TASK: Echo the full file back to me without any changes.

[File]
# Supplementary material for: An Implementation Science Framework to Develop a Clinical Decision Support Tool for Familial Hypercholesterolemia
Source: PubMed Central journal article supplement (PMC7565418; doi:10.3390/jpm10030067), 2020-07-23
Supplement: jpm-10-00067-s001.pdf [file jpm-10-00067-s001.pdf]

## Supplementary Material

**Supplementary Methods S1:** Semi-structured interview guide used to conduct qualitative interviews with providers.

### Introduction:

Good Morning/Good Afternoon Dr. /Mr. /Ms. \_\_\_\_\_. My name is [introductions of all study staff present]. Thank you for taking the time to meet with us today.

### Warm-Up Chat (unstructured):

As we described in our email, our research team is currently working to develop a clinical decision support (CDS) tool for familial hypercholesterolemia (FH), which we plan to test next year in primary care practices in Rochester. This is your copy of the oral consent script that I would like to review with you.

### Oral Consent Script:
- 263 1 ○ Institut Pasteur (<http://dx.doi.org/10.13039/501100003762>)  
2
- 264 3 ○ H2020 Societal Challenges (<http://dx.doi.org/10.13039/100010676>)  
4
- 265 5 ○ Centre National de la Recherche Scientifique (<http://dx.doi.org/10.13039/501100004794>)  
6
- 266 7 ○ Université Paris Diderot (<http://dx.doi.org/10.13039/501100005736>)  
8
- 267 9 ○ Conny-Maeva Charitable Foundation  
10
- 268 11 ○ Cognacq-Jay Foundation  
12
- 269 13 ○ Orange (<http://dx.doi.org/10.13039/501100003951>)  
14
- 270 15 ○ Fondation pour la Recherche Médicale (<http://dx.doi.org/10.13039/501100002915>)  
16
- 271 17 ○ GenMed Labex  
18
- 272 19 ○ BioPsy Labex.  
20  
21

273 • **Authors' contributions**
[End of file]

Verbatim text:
# Supplementary material for: An Implementation Science Framework to Develop a Clinical Decision Support Tool for Familial Hypercholesterolemia
Source: PubMed Central journal article supplement (PMC7565418; doi:10.3390/jpm10030067), 2020-07-23
Supplement: jpm-10-00067-s001.pdf [file jpm-10-00067-s001.pdf]

## Supplementary Material

**Supplementary Methods S1:** Semi-structured interview guide used to conduct qualitative interviews with providers.

### Introduction:

Good Morning/Good Afternoon Dr. /Mr. /Ms. \_\_\_\_\_. My name is [introductions of all study staff present]. Thank you for taking the time to meet with us today.

### Warm-Up Chat (unstructured):

As we described in our email, our research team is currently working to develop a clinical decision support (CDS) tool for familial hypercholesterolemia (FH), which we plan to test next year in primary care practices in Rochester. This is your copy of the oral consent script that I would like to review with you.

### Oral Consent Script:
- 263 1 ○ Institut Pasteur (<http://dx.doi.org/10.13039/501100003762>)  
2
- 264 3 ○ H2020 Societal Challenges (<http://dx.doi.org/10.13039/100010676>)  
4
- 265 5 ○ Centre National de la Recherche Scientifique (<http://dx.doi.org/10.13039/501100004794>)  
6
- 266 7 ○ Université Paris Diderot (<http://dx.doi.org/10.13039/501100005736>)  
8
- 267 9 ○ Conny-Maeva Charitable Foundation  
10
- 268 11 ○ Cognacq-Jay Foundation  
12
- 269 13 ○ Orange (<http://dx.doi.org/10.13039/501100003951>)  
14
- 270 15 ○ Fondation pour la Recherche Médicale (<http://dx.doi.org/10.13039/501100002915>)  
16
- 271 17 ○ GenMed Labex  
18
- 272 19 ○ BioPsy Labex.  
20  
21

273 • **Authors' contributions**